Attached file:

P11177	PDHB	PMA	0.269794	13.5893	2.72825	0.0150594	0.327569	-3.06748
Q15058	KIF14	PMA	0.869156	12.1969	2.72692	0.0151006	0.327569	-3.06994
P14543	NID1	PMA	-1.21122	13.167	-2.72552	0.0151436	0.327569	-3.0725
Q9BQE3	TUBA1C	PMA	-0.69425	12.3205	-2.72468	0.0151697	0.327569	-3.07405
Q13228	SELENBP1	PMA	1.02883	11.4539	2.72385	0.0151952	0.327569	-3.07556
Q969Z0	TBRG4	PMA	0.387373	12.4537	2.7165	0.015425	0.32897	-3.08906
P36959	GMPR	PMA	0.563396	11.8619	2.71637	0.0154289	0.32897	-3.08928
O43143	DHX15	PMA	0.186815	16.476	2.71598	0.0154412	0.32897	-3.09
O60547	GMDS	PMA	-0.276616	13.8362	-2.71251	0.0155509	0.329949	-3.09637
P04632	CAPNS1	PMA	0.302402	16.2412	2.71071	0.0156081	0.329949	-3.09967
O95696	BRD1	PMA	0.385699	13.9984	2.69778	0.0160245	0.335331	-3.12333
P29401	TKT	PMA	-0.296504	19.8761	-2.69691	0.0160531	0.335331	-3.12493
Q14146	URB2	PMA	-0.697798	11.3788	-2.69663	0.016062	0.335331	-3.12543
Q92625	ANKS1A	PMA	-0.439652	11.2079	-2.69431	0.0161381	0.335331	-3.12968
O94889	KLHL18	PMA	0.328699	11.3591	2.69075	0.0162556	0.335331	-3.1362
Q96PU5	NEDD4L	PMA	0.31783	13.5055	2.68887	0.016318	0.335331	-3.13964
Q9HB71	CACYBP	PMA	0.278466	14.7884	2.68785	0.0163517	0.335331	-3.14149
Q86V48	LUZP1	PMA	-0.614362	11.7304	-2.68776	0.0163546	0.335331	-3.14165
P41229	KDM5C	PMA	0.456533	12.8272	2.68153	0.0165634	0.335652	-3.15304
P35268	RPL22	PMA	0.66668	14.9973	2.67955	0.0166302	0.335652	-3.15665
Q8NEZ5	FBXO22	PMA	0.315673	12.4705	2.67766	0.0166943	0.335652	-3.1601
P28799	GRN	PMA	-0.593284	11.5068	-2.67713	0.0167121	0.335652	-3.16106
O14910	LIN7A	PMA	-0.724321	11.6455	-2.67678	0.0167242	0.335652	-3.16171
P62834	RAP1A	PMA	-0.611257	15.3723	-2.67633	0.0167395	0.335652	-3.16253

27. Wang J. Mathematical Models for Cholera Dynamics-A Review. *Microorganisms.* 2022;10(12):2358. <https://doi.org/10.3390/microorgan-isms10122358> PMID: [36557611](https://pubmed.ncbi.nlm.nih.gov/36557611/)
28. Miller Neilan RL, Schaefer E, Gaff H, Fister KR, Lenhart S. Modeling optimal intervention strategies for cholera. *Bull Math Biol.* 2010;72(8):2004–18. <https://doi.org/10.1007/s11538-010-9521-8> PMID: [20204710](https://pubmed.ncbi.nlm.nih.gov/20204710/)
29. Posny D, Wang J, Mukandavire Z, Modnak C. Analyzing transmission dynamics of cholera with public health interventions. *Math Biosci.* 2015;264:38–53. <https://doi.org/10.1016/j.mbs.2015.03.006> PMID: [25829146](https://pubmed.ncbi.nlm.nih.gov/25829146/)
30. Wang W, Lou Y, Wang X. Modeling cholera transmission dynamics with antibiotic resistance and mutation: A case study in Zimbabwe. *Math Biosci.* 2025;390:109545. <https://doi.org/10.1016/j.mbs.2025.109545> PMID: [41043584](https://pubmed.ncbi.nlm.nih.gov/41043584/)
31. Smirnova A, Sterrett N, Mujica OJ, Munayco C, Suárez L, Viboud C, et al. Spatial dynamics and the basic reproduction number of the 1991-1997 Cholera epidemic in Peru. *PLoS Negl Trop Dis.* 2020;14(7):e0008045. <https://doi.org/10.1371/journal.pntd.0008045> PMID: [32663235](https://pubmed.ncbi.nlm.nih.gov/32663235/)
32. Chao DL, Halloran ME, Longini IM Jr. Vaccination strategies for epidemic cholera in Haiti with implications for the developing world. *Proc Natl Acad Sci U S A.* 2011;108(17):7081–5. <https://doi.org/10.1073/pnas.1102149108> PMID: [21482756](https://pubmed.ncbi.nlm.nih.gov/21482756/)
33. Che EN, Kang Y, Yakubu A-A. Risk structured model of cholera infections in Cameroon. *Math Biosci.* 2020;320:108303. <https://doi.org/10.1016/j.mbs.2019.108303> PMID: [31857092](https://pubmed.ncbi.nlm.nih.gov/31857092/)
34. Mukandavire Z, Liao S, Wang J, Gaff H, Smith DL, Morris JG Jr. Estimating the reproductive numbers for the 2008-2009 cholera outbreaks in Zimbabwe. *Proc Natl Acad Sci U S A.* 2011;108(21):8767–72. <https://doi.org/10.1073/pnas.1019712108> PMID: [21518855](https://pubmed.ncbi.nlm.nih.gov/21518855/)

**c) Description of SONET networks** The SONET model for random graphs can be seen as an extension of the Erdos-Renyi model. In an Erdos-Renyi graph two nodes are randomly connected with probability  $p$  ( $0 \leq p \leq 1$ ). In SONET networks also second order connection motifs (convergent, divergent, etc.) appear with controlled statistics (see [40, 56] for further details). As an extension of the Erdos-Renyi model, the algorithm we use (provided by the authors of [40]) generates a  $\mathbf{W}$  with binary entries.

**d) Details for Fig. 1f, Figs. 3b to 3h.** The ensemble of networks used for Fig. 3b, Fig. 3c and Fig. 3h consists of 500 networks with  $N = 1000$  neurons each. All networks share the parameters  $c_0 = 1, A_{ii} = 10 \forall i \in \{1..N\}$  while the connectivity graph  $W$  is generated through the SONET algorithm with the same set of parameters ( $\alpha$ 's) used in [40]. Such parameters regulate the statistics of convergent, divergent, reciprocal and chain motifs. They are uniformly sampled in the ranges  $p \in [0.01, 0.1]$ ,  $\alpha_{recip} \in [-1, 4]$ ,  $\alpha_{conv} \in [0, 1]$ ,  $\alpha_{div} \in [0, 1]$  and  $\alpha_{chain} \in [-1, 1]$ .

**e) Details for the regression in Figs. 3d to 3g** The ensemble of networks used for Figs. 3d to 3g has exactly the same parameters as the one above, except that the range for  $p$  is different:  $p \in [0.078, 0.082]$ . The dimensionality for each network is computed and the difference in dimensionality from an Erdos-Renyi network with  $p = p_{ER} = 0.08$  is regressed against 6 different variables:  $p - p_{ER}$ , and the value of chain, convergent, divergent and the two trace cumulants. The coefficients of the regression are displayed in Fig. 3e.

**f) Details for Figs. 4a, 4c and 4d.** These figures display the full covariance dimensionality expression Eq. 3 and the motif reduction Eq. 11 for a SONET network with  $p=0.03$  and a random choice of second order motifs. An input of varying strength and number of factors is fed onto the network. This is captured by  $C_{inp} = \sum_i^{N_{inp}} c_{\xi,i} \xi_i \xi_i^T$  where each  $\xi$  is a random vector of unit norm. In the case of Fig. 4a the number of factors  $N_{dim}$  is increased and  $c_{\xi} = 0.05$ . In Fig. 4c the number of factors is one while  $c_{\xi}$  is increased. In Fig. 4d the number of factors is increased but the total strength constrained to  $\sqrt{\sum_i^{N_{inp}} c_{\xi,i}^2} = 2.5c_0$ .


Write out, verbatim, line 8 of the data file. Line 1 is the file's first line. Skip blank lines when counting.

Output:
O43143	DHX15	PMA	0.186815	16.476	2.71598	0.0154412	0.32897	-3.09